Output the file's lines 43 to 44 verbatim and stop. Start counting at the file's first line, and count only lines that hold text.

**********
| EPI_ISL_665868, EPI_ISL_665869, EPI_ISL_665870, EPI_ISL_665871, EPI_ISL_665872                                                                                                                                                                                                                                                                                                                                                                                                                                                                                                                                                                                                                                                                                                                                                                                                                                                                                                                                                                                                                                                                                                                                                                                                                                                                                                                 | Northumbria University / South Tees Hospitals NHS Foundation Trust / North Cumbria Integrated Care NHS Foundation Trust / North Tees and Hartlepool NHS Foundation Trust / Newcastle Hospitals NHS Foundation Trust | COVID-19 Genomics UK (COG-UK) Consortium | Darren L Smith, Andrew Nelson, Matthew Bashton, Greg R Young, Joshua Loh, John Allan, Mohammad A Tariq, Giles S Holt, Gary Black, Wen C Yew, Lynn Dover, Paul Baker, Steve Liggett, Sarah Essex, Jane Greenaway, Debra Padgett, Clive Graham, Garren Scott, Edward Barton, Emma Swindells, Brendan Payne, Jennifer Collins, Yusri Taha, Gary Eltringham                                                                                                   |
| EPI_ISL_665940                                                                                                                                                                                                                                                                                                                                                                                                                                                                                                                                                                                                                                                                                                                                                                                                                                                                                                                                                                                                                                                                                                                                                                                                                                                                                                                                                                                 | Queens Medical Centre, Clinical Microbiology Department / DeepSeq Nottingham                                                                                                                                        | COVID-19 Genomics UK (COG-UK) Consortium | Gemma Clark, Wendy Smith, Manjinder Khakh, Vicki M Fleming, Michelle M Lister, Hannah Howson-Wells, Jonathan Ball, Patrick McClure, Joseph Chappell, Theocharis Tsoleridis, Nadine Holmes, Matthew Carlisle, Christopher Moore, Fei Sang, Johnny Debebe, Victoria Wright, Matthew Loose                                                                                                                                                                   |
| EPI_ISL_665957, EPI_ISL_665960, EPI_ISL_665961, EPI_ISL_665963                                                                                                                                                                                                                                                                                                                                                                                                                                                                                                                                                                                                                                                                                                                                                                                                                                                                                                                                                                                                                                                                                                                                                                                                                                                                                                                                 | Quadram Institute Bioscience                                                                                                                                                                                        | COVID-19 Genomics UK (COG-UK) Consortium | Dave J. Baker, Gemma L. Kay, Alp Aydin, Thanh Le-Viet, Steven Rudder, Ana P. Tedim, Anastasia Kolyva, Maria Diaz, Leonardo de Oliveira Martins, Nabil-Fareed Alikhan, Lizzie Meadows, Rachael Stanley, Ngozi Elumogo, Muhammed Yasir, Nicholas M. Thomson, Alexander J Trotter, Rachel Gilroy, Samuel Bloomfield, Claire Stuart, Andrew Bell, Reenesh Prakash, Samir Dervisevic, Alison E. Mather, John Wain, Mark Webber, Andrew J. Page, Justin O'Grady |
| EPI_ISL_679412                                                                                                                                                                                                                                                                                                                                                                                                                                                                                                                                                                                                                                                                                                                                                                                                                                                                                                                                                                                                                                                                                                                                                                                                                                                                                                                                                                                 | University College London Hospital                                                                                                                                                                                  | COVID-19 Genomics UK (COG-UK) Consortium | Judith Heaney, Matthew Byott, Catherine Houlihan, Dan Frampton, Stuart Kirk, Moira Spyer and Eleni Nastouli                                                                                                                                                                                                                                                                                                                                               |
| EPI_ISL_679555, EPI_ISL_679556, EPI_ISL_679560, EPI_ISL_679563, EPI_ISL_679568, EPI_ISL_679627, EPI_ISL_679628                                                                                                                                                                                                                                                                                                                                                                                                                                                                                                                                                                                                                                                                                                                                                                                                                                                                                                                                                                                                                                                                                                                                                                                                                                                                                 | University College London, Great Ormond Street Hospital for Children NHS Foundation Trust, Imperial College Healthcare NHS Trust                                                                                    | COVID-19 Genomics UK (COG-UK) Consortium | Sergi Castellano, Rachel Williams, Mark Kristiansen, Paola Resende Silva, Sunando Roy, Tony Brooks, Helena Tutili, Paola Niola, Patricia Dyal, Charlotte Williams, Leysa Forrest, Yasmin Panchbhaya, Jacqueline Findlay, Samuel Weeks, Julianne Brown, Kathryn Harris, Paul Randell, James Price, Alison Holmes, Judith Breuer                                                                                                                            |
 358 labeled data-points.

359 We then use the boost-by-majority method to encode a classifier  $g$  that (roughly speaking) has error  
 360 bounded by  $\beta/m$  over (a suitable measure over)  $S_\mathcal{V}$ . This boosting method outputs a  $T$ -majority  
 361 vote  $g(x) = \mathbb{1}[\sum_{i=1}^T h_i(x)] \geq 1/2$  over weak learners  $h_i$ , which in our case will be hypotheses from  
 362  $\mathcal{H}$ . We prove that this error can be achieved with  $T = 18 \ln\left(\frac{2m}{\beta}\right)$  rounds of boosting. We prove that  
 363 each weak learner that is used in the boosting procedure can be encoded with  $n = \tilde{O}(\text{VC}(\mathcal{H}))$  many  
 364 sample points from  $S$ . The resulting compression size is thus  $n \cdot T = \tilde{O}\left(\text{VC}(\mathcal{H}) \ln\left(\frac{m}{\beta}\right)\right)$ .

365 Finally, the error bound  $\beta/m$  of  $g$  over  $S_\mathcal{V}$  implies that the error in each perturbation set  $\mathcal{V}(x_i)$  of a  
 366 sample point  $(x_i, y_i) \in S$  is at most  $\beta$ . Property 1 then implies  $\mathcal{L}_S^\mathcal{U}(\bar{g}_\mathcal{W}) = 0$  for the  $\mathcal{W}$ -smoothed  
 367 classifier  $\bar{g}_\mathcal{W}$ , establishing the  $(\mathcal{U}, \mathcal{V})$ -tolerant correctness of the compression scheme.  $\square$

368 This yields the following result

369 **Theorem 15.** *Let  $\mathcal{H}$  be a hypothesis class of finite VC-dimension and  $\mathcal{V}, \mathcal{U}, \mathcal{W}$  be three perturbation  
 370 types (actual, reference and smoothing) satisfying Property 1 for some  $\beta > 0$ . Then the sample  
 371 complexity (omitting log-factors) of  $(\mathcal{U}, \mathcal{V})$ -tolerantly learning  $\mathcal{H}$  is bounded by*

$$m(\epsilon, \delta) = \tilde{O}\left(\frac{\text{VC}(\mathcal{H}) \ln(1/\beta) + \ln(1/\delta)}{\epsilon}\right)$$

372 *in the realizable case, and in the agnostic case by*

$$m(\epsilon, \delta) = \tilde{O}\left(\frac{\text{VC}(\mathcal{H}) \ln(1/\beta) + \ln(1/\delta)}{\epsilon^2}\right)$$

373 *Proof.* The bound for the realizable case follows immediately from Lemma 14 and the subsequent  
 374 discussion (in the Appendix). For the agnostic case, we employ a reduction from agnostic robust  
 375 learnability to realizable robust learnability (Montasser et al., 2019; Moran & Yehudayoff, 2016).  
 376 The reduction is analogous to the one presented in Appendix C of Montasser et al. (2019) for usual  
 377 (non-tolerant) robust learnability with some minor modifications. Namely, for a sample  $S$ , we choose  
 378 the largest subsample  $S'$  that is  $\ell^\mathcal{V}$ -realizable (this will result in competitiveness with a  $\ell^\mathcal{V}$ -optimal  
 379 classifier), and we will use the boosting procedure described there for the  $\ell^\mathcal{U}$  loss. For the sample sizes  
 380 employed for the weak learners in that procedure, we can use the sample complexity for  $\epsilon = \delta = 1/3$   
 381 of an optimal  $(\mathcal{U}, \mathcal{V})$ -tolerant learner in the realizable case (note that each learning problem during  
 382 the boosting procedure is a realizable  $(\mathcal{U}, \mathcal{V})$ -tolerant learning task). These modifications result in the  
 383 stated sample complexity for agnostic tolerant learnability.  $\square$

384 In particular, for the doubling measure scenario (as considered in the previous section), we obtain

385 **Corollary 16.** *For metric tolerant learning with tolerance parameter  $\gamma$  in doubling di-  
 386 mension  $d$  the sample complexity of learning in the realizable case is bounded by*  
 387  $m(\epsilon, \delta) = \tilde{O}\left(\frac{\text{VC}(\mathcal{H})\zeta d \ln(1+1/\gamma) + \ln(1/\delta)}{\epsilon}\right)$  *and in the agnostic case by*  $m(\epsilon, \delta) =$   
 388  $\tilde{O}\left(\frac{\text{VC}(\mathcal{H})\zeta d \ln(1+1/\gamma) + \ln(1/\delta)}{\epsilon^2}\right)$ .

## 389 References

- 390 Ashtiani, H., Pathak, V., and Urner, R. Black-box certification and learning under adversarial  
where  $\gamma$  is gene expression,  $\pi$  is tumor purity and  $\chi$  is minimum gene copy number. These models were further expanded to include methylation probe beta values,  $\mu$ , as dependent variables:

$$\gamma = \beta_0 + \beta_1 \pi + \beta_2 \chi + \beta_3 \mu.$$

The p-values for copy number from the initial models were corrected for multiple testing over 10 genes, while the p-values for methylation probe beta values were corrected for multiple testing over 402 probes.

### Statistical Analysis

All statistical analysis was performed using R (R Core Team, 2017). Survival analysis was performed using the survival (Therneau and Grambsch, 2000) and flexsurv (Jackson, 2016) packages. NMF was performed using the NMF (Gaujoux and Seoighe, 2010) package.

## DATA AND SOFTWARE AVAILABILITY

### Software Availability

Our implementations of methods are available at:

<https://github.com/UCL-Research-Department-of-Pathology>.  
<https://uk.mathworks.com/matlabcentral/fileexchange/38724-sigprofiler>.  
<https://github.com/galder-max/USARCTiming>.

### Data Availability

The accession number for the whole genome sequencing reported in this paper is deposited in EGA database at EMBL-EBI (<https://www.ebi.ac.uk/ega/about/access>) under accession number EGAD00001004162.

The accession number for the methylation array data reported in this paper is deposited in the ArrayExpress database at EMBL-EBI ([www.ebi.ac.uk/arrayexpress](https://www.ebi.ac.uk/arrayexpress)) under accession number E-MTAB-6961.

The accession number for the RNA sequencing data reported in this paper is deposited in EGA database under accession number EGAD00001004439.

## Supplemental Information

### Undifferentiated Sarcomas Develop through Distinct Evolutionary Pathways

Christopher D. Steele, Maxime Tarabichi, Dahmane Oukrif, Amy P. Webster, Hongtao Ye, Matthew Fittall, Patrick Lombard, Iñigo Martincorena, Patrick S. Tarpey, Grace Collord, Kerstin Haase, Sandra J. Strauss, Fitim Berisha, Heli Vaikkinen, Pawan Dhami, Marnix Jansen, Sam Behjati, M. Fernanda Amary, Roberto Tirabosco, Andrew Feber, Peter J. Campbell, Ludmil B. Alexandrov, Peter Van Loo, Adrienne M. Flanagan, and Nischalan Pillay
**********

The p-values for copy number from the initial models were corrected for multiple testing over 10 genes, while the p-values for methylation probe beta values were corrected for multiple testing over 402 probes.

### Statistical Analysis